Is Today's Classroom a Land Truly Lost in Time?

To answer that question consider this point: when a professor meets a new class for the first time, there's one fact that hasn't changed since Harvard was founded in 1636. They have zero information about their students, except a list of names. The parallels with 1636 don't stop there, the curriculum is designed and instrumented the same way too--assignments, quizes, tests, etc.

It's remarkable, but if you want to enjoy a trip back to the 1600s, the modern classroom at your local college is a great way to get that experience on the cheap.

While other professions have harnessed the power of electronic systems and intelligence to advance their discipline, education remains a land truly lost in time.

To provide contrast, consider aviation, and the aircraft and pilot. Less than 100 years ago, at the dawn of aviation, flight was a seat of the pants experience. Over the decades, the application of technology advances and instrumentation have empowered the pilot with efficient access to the aircraft's status, navigation and helped advance all aspects of the industry (safety, performance, etc.).

Take a closer look at aviation and its transformation. What's really changed through the application of technology? The answer is, aviation understood natively that efficient flight depends on standardize information feedback loops that provide information from remote areas of the aircraft to the pilot in command. Centralized information and control management empowers the modern pilot to operate efficiently, even in one of the most complex and dynamic environments known--flight. If we draw a parallel with education today, the modern professor uses the same methods of instruction and assessment they did in 1636.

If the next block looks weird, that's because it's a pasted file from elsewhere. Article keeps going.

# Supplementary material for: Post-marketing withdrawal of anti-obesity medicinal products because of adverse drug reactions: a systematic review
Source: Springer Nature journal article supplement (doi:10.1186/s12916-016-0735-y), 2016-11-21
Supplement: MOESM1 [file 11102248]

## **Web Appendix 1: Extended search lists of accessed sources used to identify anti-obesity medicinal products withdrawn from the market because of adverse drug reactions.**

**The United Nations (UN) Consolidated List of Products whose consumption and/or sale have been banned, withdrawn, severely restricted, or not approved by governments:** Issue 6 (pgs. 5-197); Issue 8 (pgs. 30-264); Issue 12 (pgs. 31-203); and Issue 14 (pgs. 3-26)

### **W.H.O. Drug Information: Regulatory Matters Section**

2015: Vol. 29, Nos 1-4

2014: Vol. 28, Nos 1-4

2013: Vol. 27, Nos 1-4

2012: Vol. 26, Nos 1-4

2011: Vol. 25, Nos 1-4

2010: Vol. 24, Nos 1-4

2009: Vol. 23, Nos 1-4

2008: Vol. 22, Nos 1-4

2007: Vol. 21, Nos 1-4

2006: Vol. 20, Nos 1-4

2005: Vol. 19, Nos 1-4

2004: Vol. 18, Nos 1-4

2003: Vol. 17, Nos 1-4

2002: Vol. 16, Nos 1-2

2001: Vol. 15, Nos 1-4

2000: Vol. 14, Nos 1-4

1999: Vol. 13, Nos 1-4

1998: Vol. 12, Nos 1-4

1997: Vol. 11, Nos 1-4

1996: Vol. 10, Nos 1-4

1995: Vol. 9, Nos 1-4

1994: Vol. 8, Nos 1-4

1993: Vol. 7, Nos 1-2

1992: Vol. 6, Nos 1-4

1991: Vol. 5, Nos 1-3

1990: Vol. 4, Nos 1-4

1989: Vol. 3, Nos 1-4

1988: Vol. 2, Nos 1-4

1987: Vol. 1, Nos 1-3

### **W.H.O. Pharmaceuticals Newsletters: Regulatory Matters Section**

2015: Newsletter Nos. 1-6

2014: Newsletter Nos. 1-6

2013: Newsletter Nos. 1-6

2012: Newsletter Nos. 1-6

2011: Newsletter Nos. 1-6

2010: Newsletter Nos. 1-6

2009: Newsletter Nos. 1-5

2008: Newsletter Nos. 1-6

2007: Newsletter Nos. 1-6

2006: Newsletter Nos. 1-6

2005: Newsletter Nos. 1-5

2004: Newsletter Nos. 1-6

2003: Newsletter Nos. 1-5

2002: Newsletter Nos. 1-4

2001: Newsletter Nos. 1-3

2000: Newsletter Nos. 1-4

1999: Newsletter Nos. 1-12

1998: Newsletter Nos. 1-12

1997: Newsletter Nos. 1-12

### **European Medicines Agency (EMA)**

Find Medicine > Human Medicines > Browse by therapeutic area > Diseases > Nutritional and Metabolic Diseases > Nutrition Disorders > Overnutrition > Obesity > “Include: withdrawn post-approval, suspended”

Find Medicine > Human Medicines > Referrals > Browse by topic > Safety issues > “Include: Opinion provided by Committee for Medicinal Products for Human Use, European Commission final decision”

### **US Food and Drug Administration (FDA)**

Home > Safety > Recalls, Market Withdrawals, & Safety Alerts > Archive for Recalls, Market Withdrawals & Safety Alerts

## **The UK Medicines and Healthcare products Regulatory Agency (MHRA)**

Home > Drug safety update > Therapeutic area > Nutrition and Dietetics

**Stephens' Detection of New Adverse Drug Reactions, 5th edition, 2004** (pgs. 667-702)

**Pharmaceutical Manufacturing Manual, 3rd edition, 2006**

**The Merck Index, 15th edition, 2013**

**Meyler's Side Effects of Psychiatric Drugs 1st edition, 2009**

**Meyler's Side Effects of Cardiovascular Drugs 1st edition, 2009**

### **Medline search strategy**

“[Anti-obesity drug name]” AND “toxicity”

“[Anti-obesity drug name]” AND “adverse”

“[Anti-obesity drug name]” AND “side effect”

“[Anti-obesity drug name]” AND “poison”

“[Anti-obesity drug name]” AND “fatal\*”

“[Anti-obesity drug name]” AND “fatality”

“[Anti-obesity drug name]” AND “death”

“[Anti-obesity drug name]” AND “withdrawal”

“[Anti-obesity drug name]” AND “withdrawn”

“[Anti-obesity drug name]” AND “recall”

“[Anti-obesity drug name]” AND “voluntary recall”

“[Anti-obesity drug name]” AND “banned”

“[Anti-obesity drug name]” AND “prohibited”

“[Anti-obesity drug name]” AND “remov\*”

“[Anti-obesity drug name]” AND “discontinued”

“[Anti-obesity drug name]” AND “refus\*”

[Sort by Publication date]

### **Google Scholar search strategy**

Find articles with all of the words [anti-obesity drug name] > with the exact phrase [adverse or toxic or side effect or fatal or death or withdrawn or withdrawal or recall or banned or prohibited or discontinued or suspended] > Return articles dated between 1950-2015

Aviation isn't the only example of technical transformation. Modern medicine, meteorology and others have adopted technology to advance and extend human capacity.

To my point, education hasn't embraced technology to advance the classroom or profession. The classroom today is no more instrumented than it was when Harvard was founded in 1636. Admittedly, this fact is stunning given the advances and modernization elsewhere.

The introduction of a computer or iPad into a classroom changes little beyond how information is accessed or viewed. In a sense, we've tossed technology into the room--and hoped it would help.

How do we fix this? Great question--take lessons learned from aviation, medicine, meteorology and others and gather the curage required to inspire innovation in the classroom. We owe this to the next generation of students and advancement of the profession of education.




Saturday, December 1, 2012

Big Data Transforms Higher Education


the Glass Classroom
(big data)


Preamble: the Glass Classroom has nothing to do with MOOCs or online education. This is a concept to coalesce attention on the lack of technical progress in education and provide a new, innovative framework to move forward. The concept isn't focused on one aspect of the problem, but the entire ecosystem. The future classroom is a place where the instructor and student are aware of progress and outcomes in real-time. They can collaborate, adjust, explore and engage with unimaginable fidelity. Again, the Glass Classroom encompasses the entire educational ecosystem.

This is one of those post that could slip by. Please take a second and stop--and truly consider this concept. If you believe technology isn't a solution but a tool, this article won't disappoint.